His greatest fears are: (1) Nantuko Husk connecting in combat; (2) getting combo’d out by 2 Zulaport Cutthroat; and (3) Ormendahl connecting in combat. It seems certain that he wants to hold up mana for Silumgar’s Scorn and that he wants to reserve Ultimate Price for killing Nantuko Husk.
Decision #3: Grasp Target
My play would be to cast Grasp of Darkness on Nantuko Husk. I believe that it’s the most valuable creature on the battlefield, and since Luis doesn’t know about the Ultimate Price in Shota’s hand, he’s liable to value it even more highly, perhaps sacrificing 2 creatures to save it from the Grasp. Instead, Shota Grasps the Cutthroat. He ticks up Jace, Vryn’s Prodigy on Nantuko Husk and passes the turn.
LSV casts Zulaport Cutthroat followed by Loam Dryad, which Yasooka allows to resolve. Next, he attacks and sacrifices the Dryad to pump up Nantuko Husk. Yasooka cannot afford to take this damage because Scott-Vargas would be dangerously close to being able to respond to a future Foul-Tongue Invocation by sacrificing his board and winning off of Zulaport Cutthroat triggers. He Ultimate Prices Nantuko Husk before combat damage. Importantly, this reduces the risk that Collected Company might win the game at instant speed (since it would now need to hit Zulaport Cutthroat and Nantuko Husk). Once the Husk is off the table, but still before combat damage, he casts Foul-Tongue Invocation to kill off a Scion token and keep his life total high.
Turn 8 begins the same way the previous few have, with a Dragonlord Ojutai attack. In sequencing a complicated turn, it’s best to perform the actions that provide you with more information (and more options) as early as possible. Next, Shota uses his Telepath Unbound to flashback Foul-Tongue Invocation, Grasps another creature, plays a land, and passes with Silumgar’s Scorn mana open. He counters Duskwatch Recruiter, which at this late stage is about as threatening as any other single card Luis has in his deck.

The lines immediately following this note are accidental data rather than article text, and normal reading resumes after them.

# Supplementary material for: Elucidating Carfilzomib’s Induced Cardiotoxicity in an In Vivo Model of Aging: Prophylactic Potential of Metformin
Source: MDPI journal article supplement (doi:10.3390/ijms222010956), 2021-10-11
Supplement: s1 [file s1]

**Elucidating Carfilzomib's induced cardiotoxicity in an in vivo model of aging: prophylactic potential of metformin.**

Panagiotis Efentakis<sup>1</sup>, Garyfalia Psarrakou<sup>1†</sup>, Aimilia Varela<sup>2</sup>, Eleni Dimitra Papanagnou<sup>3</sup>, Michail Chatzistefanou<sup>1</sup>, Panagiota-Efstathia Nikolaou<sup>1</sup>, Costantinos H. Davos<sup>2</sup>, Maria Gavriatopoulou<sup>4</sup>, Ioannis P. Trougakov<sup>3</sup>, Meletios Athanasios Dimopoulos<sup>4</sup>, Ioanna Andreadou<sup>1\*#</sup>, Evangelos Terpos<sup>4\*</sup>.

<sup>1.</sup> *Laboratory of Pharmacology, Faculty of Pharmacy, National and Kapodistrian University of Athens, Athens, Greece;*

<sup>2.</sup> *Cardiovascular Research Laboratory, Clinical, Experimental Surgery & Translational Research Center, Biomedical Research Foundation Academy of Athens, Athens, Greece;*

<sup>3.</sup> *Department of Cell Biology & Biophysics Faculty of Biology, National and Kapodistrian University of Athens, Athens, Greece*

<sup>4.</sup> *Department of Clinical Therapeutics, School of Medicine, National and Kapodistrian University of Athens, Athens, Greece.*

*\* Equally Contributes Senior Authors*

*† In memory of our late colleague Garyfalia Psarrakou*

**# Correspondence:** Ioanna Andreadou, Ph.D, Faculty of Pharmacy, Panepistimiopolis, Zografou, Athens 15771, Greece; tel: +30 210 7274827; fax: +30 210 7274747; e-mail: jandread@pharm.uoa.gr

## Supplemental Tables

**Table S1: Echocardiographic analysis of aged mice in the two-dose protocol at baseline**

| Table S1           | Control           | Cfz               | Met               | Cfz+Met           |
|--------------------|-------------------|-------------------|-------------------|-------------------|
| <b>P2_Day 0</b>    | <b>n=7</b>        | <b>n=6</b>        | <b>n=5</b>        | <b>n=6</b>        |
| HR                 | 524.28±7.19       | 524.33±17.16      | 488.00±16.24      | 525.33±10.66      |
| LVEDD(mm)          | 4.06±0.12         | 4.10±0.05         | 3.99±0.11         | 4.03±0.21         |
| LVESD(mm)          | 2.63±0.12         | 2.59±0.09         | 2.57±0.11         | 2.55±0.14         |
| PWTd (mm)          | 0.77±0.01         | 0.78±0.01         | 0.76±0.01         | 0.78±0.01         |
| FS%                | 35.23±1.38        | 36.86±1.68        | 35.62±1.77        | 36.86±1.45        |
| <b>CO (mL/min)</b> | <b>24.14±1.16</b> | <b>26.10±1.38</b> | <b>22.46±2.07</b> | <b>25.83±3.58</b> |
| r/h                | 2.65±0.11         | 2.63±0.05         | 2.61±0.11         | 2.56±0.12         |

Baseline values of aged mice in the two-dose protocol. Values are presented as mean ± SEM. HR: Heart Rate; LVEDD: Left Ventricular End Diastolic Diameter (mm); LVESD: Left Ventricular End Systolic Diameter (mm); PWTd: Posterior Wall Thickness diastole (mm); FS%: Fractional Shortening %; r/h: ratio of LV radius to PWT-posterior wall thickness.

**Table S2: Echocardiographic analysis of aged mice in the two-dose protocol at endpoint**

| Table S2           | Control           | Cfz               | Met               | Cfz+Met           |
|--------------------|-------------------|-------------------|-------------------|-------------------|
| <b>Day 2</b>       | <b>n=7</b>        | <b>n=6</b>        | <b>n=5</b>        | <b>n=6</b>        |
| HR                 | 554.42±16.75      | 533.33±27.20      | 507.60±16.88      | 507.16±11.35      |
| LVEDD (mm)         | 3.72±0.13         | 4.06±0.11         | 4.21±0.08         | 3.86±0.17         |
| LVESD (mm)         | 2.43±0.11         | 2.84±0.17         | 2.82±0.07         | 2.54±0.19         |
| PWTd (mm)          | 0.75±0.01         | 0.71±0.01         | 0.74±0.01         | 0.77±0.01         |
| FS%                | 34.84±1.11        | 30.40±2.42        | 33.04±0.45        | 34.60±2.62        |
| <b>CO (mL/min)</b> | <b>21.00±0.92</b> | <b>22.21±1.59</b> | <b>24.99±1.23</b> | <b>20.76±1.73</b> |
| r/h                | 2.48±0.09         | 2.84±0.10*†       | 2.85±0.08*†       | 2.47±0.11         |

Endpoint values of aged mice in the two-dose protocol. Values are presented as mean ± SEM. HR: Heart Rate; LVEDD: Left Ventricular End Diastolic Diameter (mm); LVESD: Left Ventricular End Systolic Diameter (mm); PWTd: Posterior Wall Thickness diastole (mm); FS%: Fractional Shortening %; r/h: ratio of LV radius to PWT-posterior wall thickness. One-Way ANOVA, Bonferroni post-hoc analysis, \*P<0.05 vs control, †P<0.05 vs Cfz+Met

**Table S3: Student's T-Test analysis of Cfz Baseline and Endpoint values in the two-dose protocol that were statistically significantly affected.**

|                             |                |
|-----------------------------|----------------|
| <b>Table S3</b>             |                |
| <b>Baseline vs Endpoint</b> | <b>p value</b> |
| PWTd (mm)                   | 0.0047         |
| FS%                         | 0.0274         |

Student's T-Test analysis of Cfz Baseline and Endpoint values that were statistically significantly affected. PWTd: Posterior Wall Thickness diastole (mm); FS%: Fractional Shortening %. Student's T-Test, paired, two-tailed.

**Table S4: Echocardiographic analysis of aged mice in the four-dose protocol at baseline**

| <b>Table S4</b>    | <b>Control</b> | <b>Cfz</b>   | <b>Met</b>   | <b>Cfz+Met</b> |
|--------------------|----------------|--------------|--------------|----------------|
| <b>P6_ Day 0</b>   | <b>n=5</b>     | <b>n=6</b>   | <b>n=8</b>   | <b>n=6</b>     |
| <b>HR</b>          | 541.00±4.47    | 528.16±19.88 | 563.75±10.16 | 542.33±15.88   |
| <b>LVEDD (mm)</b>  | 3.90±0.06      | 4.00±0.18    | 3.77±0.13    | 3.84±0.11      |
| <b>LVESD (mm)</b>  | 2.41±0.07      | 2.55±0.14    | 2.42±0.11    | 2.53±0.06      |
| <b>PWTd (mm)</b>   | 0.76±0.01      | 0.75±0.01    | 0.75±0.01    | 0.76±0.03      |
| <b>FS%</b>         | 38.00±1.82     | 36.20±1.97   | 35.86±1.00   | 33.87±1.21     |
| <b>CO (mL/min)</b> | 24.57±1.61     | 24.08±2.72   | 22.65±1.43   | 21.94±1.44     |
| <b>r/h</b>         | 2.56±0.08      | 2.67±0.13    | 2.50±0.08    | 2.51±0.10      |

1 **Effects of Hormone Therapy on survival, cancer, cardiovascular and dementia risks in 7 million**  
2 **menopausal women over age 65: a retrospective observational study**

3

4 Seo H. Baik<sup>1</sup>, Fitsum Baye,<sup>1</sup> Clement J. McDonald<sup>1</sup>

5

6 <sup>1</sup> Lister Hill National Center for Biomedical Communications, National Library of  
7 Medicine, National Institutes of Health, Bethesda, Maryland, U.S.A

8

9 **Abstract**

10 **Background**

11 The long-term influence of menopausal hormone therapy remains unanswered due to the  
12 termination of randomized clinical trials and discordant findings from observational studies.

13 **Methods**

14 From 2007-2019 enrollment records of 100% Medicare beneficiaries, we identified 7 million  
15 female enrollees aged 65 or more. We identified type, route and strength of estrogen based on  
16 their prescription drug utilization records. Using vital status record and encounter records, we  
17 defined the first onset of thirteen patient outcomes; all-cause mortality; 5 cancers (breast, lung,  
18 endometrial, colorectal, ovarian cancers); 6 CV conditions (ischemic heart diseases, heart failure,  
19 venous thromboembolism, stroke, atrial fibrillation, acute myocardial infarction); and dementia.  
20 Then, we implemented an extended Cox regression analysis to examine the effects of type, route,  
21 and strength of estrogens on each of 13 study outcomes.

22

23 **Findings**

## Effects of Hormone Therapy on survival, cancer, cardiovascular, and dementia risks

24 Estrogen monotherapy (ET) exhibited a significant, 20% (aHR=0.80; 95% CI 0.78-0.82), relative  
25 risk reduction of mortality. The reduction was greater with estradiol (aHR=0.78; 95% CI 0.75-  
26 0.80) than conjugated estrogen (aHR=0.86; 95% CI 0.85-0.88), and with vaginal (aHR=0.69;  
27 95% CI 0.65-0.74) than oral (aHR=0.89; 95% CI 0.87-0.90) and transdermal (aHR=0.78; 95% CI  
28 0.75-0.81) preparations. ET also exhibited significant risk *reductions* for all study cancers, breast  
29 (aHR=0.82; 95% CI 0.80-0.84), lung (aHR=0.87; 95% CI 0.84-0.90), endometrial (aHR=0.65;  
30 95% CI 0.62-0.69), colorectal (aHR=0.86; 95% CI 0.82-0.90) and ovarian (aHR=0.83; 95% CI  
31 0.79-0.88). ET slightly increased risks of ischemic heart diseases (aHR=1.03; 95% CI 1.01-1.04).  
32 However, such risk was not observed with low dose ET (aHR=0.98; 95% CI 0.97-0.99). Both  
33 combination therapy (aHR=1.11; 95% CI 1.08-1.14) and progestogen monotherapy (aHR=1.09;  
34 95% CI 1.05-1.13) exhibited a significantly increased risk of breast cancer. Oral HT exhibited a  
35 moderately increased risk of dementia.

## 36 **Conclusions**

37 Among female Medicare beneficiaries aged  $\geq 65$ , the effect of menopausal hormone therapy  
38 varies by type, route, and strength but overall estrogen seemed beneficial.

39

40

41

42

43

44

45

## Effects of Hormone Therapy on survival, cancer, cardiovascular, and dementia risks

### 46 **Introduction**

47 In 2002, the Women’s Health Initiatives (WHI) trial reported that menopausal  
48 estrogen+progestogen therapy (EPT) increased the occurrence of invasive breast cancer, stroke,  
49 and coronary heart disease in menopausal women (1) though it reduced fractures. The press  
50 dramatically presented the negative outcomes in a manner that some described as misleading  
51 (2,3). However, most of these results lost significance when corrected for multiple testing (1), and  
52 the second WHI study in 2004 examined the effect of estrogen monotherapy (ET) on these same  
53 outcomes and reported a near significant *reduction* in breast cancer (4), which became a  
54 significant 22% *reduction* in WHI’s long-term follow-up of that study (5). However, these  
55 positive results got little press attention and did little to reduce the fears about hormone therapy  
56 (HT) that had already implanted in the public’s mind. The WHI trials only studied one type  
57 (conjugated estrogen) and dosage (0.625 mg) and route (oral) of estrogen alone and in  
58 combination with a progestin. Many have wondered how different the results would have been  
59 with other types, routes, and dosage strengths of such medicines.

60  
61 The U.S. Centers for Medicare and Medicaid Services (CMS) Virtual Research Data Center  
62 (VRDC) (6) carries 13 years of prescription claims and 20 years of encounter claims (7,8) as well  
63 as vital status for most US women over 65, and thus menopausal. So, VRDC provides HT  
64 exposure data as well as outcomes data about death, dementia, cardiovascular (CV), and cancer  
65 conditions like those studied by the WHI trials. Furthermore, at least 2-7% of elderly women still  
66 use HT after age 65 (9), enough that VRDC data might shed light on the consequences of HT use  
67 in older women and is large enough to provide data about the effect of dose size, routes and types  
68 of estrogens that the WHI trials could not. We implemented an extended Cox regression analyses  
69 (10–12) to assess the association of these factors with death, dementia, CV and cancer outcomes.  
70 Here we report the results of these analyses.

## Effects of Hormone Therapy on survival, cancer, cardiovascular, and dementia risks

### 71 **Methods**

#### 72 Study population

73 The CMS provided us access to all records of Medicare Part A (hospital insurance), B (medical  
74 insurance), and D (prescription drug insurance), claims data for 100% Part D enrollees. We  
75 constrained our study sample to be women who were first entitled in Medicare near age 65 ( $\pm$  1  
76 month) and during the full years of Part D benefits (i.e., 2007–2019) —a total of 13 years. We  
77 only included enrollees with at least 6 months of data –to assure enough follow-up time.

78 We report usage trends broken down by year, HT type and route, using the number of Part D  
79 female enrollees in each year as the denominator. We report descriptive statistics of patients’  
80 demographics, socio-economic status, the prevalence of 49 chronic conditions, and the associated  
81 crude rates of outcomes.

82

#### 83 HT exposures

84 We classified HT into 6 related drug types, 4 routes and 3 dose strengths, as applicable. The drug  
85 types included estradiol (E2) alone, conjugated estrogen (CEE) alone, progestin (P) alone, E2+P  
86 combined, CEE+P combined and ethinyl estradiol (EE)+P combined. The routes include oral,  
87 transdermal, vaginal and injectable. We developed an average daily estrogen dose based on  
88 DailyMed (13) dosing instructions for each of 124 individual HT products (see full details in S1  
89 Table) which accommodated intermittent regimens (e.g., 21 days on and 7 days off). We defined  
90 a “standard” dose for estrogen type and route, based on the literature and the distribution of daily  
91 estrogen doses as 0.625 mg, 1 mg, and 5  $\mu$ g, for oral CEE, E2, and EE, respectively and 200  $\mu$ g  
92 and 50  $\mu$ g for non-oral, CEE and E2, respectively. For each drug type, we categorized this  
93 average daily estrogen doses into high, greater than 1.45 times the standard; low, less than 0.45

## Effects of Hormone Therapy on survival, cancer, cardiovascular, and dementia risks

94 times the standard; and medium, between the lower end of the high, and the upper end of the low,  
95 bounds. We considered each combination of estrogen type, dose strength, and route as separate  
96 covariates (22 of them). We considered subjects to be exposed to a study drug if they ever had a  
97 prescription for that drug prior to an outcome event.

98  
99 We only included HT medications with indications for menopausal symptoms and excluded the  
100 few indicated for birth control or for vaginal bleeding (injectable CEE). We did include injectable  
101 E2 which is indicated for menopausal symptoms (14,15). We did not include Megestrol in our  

By turn 10, things have become fairly academic, but Shota maintains his pristine level of technical play. Ob Nixilis ticks up first, then Dragonlord Ojutai attacks, which is the perfect way to sequence the early part of the turn. Dragonlord Silumgar draws a concession from Luis Scott-Vargas, and Shota Yasooka wins the game.
This game was played masterfully on both sides of the table. Luis kept open as many doors as possible that could lead to a win. Shota had to walk a tightrope and protect himself from several angles at once while progressing his own game plan with Jace, Vryn’s Prodigy and Dragonlord Ojutai.
Shota used narrow windows on turn 2, turn 3, and turn 5 to build advantages for himself. Every other turn was used protecting his life total and managing Luis’s board. One slip-up could’ve meant dying to Zulaport Cutthroat or allowing Ormendahl, Profane Prince to go unchecked. He navigated beautifully and gave Luis as few outs as possible.
This is the level of play that Pro Tour players should be working towards, and the best way to do so is to study the masters at work.